DALLAS -- With the number of murders climbing in the city of Dallas, Mayor Mike Rawlings urged the police department Monday to step up efforts to track down and catch known domestic violence abusers.
“I’m asking Chief [David] Brown today to redouble those efforts,” he said during a Monday news conference at City Hall. “We’ve got to dial it up to the next level.”
Last month, the police department launched a special task force of 100 officers to serve arrest warrants. Often, the suspect flees after a victim calls to report an abusive family member. An arrest warrant is then issued for the suspect, but officers sometimes can’t track them down.
“I'm asking that these warrants are given the highest priority along with murders in this city,” Rawlings said. “This is not going to be at the bottom of the heap. We're going to take it right to the top.”
Murders connected to domestic violence in Dallas more than doubled last year to 26, from 10 the year before.
The issue became strikingly clear last week when Karen Smith, 40, was shot and killed in a parking garage after leaving work at UT Southwestern Medical Center. Police say her husband, Ferdinand Smith, 41, waited for her by her car and opened fire.
Weeks earlier, Karen Smith had called police on her husband for nearly strangling her in her driveway. An arrest warrant was issued for Smith, but officers didn’t find him until after his wife’s murder.
“It would be a mischaracterization to say that the officers weren't doing everything they could do to try and make an arrest,” Chief Brown said, adding his officers were in contact with Karen Smith but were having trouble finding her husband.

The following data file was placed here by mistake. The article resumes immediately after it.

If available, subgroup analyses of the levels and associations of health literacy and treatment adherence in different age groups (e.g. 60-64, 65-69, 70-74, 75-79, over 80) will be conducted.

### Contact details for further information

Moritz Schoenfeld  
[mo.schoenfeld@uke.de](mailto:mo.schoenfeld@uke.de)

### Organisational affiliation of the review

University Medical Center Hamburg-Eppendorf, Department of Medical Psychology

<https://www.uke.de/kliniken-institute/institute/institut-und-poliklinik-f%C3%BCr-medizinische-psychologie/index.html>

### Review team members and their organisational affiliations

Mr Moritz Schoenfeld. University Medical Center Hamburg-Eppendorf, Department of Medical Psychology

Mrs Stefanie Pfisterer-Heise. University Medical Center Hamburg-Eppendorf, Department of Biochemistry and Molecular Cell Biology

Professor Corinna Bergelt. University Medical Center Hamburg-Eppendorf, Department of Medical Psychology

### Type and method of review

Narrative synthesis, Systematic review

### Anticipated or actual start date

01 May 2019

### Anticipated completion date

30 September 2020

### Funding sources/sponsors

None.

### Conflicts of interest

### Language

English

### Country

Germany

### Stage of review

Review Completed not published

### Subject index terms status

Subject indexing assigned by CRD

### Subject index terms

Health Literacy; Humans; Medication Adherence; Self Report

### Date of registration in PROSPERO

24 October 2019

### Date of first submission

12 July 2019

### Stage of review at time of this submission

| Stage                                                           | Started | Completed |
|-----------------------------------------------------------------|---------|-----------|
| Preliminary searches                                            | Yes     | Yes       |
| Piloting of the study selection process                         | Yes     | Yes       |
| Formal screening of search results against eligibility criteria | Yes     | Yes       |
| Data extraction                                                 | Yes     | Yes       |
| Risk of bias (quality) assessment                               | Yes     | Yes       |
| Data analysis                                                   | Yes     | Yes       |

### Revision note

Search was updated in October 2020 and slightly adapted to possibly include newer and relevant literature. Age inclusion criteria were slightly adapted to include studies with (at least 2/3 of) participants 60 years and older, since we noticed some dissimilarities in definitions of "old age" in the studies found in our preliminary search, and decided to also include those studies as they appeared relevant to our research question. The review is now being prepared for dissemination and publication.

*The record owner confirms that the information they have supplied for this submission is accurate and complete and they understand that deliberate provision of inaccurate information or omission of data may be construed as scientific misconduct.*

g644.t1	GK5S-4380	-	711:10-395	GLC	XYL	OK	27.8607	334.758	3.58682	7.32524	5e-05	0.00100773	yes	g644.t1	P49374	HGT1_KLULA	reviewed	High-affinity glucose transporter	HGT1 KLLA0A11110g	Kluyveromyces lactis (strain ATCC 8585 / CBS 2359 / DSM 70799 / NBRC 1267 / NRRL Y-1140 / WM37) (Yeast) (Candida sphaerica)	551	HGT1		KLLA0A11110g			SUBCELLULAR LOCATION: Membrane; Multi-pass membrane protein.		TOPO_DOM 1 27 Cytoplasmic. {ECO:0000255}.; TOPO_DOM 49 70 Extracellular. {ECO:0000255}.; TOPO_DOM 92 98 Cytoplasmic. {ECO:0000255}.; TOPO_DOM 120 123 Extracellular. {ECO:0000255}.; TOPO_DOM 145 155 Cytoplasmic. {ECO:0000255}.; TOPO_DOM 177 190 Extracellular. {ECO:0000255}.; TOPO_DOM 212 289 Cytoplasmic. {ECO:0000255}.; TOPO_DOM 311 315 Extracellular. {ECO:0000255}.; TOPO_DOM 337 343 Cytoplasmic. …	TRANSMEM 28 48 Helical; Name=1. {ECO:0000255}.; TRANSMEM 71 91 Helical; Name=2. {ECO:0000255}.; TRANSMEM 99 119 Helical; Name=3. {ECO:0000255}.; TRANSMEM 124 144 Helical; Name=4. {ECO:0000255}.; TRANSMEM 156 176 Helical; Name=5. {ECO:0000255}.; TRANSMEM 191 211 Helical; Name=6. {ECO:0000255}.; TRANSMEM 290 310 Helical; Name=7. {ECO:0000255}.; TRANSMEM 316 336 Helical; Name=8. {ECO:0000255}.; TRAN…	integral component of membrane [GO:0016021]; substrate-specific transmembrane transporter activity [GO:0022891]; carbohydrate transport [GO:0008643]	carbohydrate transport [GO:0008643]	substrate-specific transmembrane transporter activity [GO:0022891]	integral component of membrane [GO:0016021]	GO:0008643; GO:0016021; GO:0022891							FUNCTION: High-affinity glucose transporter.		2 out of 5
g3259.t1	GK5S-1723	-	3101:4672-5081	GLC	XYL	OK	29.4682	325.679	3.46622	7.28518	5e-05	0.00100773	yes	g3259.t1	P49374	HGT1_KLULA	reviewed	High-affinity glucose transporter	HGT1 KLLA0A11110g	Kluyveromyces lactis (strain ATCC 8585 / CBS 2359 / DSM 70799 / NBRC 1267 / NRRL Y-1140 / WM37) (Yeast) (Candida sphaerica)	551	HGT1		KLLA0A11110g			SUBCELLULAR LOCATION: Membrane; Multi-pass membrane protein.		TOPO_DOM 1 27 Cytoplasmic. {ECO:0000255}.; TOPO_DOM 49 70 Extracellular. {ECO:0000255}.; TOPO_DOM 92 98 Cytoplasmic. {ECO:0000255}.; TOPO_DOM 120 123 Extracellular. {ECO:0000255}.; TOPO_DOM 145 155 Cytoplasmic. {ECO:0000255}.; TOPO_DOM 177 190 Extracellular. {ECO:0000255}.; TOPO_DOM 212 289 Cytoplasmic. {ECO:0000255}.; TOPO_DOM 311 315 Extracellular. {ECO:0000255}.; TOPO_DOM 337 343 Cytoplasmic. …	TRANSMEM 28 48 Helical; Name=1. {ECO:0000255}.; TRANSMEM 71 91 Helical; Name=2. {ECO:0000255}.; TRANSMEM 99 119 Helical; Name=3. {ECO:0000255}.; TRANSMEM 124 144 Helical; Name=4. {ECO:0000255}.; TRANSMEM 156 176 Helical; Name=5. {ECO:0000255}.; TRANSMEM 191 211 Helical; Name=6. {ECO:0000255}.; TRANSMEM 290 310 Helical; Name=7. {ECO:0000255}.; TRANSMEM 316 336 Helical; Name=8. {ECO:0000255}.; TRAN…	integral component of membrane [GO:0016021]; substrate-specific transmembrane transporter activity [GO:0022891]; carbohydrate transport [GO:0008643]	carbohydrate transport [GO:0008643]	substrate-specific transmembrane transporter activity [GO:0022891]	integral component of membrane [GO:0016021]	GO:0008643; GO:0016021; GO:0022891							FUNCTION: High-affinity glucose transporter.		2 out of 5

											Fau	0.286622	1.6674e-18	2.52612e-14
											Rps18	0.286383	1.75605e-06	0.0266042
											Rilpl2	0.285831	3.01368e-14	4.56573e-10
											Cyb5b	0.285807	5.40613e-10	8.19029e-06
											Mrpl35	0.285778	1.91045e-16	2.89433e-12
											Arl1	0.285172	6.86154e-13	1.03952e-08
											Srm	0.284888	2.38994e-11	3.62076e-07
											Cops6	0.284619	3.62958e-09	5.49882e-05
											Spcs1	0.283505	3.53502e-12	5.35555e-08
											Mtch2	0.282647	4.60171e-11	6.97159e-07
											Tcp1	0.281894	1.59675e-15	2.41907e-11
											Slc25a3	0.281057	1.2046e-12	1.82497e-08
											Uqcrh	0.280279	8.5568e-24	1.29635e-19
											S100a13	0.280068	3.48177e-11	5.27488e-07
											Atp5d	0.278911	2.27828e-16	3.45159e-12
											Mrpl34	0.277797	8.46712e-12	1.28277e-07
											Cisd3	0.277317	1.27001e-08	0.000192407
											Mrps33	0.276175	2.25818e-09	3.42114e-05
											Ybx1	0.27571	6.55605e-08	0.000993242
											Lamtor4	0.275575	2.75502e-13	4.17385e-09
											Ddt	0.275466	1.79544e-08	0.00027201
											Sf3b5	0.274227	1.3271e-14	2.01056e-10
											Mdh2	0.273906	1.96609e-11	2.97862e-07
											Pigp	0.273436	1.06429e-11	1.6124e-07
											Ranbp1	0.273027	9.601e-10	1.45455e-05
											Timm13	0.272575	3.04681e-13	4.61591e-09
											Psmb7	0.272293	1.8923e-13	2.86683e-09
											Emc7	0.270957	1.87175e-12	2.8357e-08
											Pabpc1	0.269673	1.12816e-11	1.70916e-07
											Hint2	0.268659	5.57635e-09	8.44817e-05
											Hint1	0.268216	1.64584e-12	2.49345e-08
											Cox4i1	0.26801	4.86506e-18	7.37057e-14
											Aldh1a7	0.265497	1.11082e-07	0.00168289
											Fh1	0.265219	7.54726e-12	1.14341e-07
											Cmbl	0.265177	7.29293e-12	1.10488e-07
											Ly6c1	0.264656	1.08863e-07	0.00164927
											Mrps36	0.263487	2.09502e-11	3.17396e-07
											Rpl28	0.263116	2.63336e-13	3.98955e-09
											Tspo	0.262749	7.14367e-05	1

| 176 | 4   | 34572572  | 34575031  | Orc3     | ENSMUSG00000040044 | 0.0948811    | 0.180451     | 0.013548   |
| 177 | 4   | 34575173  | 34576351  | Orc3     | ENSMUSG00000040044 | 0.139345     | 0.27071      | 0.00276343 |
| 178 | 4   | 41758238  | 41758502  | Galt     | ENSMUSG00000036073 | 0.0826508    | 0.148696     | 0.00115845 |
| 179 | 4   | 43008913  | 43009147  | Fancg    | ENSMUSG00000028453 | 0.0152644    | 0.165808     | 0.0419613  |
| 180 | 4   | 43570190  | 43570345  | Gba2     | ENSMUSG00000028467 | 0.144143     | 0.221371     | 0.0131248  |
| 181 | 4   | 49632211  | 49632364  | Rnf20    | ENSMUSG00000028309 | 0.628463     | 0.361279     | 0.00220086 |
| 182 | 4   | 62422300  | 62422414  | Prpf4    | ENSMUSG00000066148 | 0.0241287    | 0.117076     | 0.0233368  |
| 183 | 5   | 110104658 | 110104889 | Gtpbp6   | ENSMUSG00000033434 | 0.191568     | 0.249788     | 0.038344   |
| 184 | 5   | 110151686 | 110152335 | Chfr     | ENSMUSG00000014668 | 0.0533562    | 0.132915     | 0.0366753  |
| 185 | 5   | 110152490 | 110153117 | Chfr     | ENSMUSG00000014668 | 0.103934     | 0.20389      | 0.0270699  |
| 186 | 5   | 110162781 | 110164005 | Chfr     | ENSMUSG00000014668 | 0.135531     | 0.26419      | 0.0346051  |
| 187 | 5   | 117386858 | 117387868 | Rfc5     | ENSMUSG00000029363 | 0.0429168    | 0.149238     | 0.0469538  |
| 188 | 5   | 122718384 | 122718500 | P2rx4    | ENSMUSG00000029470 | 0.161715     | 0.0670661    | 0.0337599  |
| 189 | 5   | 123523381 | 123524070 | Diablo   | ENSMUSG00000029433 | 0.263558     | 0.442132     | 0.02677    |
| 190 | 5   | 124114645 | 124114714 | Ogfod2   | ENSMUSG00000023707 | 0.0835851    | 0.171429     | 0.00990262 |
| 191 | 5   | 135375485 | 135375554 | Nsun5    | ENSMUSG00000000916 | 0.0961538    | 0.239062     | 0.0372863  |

The case has focused fresh attention on arrest warrants that are never served.
Last year, 4,277 arrest warrants were issued in Dallas for suspects in domestic violence cases. Chief Brown said his officers were able to find close to 80 percent of those suspects.
“It’s those 20 percent that hide from us that we want to redouble our efforts in order to be able to put them in jail,” Brown told News 8.
He said he’s asking his officers to urge family members, witnesses and victims to reveal more information about whereabouts of suspects.
“That’s a lot of people to track down,” Rawlings said. “That's why we've got to redouble our effort to make sure we re-prioritize those warrants.”
The pledge didn’t impress activist Debra Bowles, who founded Women Called Moses, a support group for domestic violence victims.
“I just think it’s the good old boys talking,” she said, adding more needs to be done for the victims themselves.
“Where are they going to go? Call the shelters, they’re at capacity,” she said. “It’s not serious until a woman is in her grave, dead, and then they want to call a press conference. Why can't we have these press conferences before it gets to this point?”